RNA processing is altered in skeletal muscle nuclei of patients affected by myotonic dystrophy
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- Malatesta, M., Giagnacovo, M., Cardani, R. et al. Histochem Cell Biol (2011) 135: 419. doi:10.1007/s00418-011-0797-z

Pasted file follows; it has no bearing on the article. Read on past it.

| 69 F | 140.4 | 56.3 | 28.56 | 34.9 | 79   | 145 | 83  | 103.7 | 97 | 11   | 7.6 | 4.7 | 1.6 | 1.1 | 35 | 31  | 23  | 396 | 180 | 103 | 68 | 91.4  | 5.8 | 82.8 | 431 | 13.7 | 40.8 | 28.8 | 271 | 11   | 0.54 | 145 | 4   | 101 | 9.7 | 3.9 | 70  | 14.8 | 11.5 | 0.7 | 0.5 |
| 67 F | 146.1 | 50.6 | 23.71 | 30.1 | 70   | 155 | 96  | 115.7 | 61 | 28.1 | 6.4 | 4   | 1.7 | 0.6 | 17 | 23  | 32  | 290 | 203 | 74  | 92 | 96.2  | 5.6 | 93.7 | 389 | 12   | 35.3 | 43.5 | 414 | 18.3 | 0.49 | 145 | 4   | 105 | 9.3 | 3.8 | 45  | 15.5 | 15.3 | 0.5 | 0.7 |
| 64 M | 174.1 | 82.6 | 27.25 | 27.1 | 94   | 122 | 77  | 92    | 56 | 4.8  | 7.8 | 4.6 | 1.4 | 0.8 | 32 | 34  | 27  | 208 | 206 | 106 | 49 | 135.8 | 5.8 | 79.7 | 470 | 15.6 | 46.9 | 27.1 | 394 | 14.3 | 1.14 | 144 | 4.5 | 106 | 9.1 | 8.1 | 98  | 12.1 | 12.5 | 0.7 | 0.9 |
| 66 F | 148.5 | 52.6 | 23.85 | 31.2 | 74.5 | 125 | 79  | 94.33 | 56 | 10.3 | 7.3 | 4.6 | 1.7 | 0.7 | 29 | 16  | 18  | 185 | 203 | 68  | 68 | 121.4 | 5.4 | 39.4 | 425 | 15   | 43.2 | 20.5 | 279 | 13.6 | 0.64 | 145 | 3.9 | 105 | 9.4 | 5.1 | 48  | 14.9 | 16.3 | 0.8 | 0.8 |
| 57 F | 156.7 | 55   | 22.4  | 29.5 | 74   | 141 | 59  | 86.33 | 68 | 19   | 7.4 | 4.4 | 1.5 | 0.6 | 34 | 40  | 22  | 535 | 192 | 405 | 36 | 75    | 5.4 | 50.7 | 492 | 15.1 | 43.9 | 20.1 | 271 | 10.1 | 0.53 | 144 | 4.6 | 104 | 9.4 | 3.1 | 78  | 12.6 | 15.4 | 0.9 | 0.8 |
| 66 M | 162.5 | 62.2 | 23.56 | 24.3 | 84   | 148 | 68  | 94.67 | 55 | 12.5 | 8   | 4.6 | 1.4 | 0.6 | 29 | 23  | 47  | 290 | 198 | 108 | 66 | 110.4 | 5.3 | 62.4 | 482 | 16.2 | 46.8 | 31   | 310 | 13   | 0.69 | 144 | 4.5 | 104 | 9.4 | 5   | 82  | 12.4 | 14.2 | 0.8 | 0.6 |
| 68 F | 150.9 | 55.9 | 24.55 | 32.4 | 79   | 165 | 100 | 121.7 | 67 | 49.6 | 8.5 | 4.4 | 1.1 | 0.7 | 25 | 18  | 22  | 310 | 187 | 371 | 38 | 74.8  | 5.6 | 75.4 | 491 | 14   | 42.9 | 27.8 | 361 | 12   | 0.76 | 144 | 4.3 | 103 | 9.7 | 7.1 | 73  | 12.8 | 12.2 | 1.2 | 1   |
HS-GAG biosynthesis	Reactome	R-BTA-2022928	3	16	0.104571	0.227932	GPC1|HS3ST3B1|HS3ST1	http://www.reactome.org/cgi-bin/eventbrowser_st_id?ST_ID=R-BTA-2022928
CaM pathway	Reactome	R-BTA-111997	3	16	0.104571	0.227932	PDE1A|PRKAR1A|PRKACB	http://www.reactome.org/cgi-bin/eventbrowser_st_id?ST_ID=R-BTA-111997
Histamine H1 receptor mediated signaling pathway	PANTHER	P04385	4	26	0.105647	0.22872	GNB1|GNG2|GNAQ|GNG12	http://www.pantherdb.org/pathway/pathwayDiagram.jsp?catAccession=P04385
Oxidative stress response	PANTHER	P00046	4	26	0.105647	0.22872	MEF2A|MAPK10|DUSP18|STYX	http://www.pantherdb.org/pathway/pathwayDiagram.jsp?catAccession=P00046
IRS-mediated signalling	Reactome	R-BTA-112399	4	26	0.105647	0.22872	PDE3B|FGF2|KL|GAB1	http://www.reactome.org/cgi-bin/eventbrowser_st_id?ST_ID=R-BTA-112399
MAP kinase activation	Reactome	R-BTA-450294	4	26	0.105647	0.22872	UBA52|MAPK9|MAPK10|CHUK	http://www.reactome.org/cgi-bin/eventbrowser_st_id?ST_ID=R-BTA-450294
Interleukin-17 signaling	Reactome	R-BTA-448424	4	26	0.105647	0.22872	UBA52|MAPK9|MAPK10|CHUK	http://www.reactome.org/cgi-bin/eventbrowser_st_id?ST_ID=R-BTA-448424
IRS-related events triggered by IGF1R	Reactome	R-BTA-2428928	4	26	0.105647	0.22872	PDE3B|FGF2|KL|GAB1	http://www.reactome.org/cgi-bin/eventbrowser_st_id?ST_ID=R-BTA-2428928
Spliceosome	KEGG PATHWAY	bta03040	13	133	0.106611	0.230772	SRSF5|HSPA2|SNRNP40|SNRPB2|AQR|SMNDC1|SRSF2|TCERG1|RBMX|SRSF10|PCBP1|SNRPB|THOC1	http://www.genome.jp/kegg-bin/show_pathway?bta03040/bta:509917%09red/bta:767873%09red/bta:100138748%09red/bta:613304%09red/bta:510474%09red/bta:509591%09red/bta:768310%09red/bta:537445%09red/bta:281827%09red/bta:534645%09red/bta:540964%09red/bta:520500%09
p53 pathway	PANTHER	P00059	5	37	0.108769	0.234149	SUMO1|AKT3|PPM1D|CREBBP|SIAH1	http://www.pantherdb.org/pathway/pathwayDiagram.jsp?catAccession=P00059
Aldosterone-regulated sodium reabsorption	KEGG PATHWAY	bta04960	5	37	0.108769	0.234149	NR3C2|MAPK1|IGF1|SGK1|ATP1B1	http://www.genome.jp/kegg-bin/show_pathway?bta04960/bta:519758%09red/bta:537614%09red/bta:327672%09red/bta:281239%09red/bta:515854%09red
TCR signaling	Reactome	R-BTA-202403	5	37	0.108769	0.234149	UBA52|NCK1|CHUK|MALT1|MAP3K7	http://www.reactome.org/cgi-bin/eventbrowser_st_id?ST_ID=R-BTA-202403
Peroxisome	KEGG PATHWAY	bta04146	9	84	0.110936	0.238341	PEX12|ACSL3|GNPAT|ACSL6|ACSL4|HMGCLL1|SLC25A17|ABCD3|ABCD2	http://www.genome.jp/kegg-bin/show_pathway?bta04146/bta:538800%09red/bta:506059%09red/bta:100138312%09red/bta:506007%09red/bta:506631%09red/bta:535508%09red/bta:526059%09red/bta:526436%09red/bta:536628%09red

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Myotonic dystrophies (DMs) are characterised by highly variable clinical manifestations consisting of muscle weakness and atrophy, and a wide spectrum of extramuscular manifestations. In both DM1 and DM2 forms, expanded nucleotide sequences cause the accumulation of mutant transcripts in the nucleus, thus deregulating the function of some RNA-binding proteins and providing a plausible explanation for the multifactorial phenotype of DM patients. However, at the skeletal muscle level, no mechanistic explanation for the muscle wasting has so far been proposed. We therefore performed a study in situ by immunoelectron microscopy on biceps brachii biopsies from DM1, DM2 and healthy subjects, providing the first ultrastructural evidence on the distribution of some nuclear ribonucleoprotein (RNP)-containing structures and molecular factors involved in pre-mRNA transcription and maturation in dystrophic myonuclei. Our results demonstrated an accumulation of splicing and cleavage factors in myonuclei of both DM1 and DM2 patients, suggesting an impairment of post-transcriptional pre-mRNA pathways. The transcription of the expanded sequences in DM myonuclei would therefore hamper functionality of the whole splicing machinery, slowing down the intranuclear molecular trafficking; this would reduce the capability of myonuclei to respond to anabolic stimuli thus contributing to muscle wasting.